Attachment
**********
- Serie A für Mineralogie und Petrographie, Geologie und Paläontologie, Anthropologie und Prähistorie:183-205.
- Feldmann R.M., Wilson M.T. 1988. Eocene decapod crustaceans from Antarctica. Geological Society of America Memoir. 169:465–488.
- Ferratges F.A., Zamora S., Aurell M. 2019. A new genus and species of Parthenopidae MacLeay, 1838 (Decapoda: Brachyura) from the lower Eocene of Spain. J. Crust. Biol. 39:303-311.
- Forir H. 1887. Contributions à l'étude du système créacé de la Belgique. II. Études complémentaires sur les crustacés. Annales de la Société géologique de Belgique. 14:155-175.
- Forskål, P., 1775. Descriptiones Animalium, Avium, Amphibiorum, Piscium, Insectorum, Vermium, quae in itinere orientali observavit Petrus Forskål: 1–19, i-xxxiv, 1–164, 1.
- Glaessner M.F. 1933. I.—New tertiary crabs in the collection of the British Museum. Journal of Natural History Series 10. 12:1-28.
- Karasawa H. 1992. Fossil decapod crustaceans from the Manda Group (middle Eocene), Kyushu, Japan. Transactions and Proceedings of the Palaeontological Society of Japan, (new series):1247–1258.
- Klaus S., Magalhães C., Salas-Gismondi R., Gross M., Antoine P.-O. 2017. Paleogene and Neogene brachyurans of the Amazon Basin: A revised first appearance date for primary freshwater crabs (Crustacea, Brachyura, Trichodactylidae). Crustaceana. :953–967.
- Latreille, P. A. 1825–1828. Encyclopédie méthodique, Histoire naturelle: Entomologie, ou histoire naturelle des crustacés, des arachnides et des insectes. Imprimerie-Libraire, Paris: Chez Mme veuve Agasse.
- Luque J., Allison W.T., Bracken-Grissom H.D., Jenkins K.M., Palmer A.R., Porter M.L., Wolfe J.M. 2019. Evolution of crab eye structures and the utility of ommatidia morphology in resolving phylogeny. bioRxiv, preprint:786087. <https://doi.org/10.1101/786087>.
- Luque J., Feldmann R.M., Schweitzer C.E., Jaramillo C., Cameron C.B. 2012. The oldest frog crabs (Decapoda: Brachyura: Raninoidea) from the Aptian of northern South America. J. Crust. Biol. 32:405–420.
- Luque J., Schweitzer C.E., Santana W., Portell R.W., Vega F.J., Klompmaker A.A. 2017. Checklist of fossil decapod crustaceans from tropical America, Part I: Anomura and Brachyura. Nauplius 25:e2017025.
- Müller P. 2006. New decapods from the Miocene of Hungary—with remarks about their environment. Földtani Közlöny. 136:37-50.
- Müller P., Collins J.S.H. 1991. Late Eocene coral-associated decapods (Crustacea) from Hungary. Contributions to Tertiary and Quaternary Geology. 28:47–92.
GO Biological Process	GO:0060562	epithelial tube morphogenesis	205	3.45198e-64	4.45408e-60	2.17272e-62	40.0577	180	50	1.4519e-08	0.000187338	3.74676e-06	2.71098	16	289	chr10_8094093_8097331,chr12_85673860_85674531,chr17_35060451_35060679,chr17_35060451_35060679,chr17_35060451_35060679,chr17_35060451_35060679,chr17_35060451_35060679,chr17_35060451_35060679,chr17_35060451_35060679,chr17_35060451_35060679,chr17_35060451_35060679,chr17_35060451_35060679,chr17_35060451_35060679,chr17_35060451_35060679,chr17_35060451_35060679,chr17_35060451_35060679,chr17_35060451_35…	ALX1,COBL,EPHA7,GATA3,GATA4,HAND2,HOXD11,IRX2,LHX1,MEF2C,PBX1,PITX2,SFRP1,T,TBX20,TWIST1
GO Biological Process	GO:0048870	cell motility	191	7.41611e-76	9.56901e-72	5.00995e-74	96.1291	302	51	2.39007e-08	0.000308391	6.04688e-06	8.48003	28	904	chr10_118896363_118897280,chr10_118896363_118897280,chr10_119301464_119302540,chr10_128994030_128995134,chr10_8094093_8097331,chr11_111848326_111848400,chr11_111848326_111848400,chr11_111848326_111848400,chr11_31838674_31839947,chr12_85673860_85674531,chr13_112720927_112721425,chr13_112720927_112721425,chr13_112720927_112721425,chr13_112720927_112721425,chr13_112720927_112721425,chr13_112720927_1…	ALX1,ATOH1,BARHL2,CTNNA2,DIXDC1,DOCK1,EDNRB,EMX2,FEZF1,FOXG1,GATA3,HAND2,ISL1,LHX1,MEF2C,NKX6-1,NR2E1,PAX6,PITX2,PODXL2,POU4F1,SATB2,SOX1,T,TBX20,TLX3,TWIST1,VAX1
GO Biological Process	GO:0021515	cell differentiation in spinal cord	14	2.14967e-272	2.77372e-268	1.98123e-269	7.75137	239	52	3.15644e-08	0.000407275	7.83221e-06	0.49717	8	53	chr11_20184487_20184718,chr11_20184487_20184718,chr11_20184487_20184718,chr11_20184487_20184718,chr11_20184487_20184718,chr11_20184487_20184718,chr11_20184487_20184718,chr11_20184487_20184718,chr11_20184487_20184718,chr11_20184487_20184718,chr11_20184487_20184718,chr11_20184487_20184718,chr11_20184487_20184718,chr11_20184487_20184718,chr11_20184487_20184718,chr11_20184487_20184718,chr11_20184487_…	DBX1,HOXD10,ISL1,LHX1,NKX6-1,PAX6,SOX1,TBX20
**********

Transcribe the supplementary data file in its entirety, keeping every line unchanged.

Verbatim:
- Serie A für Mineralogie und Petrographie, Geologie und Paläontologie, Anthropologie und Prähistorie:183-205.
- Feldmann R.M., Wilson M.T. 1988. Eocene decapod crustaceans from Antarctica. Geological Society of America Memoir. 169:465–488.
- Ferratges F.A., Zamora S., Aurell M. 2019. A new genus and species of Parthenopidae MacLeay, 1838 (Decapoda: Brachyura) from the lower Eocene of Spain. J. Crust. Biol. 39:303-311.
- Forir H. 1887. Contributions à l'étude du système créacé de la Belgique. II. Études complémentaires sur les crustacés. Annales de la Société géologique de Belgique. 14:155-175.
- Forskål, P., 1775. Descriptiones Animalium, Avium, Amphibiorum, Piscium, Insectorum, Vermium, quae in itinere orientali observavit Petrus Forskål: 1–19, i-xxxiv, 1–164, 1.
- Glaessner M.F. 1933. I.—New tertiary crabs in the collection of the British Museum. Journal of Natural History Series 10. 12:1-28.
- Karasawa H. 1992. Fossil decapod crustaceans from the Manda Group (middle Eocene), Kyushu, Japan. Transactions and Proceedings of the Palaeontological Society of Japan, (new series):1247–1258.
- Klaus S., Magalhães C., Salas-Gismondi R., Gross M., Antoine P.-O. 2017. Paleogene and Neogene brachyurans of the Amazon Basin: A revised first appearance date for primary freshwater crabs (Crustacea, Brachyura, Trichodactylidae). Crustaceana. :953–967.
- Latreille, P. A. 1825–1828. Encyclopédie méthodique, Histoire naturelle: Entomologie, ou histoire naturelle des crustacés, des arachnides et des insectes. Imprimerie-Libraire, Paris: Chez Mme veuve Agasse.
- Luque J., Allison W.T., Bracken-Grissom H.D., Jenkins K.M., Palmer A.R., Porter M.L., Wolfe J.M. 2019. Evolution of crab eye structures and the utility of ommatidia morphology in resolving phylogeny. bioRxiv, preprint:786087. <https://doi.org/10.1101/786087>.
- Luque J., Feldmann R.M., Schweitzer C.E., Jaramillo C., Cameron C.B. 2012. The oldest frog crabs (Decapoda: Brachyura: Raninoidea) from the Aptian of northern South America. J. Crust. Biol. 32:405–420.
- Luque J., Schweitzer C.E., Santana W., Portell R.W., Vega F.J., Klompmaker A.A. 2017. Checklist of fossil decapod crustaceans from tropical America, Part I: Anomura and Brachyura. Nauplius 25:e2017025.
- Müller P. 2006. New decapods from the Miocene of Hungary—with remarks about their environment. Földtani Közlöny. 136:37-50.
- Müller P., Collins J.S.H. 1991. Late Eocene coral-associated decapods (Crustacea) from Hungary. Contributions to Tertiary and Quaternary Geology. 28:47–92.
GO Biological Process	GO:0060562	epithelial tube morphogenesis	205	3.45198e-64	4.45408e-60	2.17272e-62	40.0577	180	50	1.4519e-08	0.000187338	3.74676e-06	2.71098	16	289	chr10_8094093_8097331,chr12_85673860_85674531,chr17_35060451_35060679,chr17_35060451_35060679,chr17_35060451_35060679,chr17_35060451_35060679,chr17_35060451_35060679,chr17_35060451_35060679,chr17_35060451_35060679,chr17_35060451_35060679,chr17_35060451_35060679,chr17_35060451_35060679,chr17_35060451_35060679,chr17_35060451_35060679,chr17_35060451_35060679,chr17_35060451_35060679,chr17_35060451_35…	ALX1,COBL,EPHA7,GATA3,GATA4,HAND2,HOXD11,IRX2,LHX1,MEF2C,PBX1,PITX2,SFRP1,T,TBX20,TWIST1
GO Biological Process	GO:0048870	cell motility	191	7.41611e-76	9.56901e-72	5.00995e-74	96.1291	302	51	2.39007e-08	0.000308391	6.04688e-06	8.48003	28	904	chr10_118896363_118897280,chr10_118896363_118897280,chr10_119301464_119302540,chr10_128994030_128995134,chr10_8094093_8097331,chr11_111848326_111848400,chr11_111848326_111848400,chr11_111848326_111848400,chr11_31838674_31839947,chr12_85673860_85674531,chr13_112720927_112721425,chr13_112720927_112721425,chr13_112720927_112721425,chr13_112720927_112721425,chr13_112720927_112721425,chr13_112720927_1…	ALX1,ATOH1,BARHL2,CTNNA2,DIXDC1,DOCK1,EDNRB,EMX2,FEZF1,FOXG1,GATA3,HAND2,ISL1,LHX1,MEF2C,NKX6-1,NR2E1,PAX6,PITX2,PODXL2,POU4F1,SATB2,SOX1,T,TBX20,TLX3,TWIST1,VAX1
GO Biological Process	GO:0021515	cell differentiation in spinal cord	14	2.14967e-272	2.77372e-268	1.98123e-269	7.75137	239	52	3.15644e-08	0.000407275	7.83221e-06	0.49717	8	53	chr11_20184487_20184718,chr11_20184487_20184718,chr11_20184487_20184718,chr11_20184487_20184718,chr11_20184487_20184718,chr11_20184487_20184718,chr11_20184487_20184718,chr11_20184487_20184718,chr11_20184487_20184718,chr11_20184487_20184718,chr11_20184487_20184718,chr11_20184487_20184718,chr11_20184487_20184718,chr11_20184487_20184718,chr11_20184487_20184718,chr11_20184487_20184718,chr11_20184487_…	DBX1,HOXD10,ISL1,LHX1,NKX6-1,PAX6,SOX1,TBX20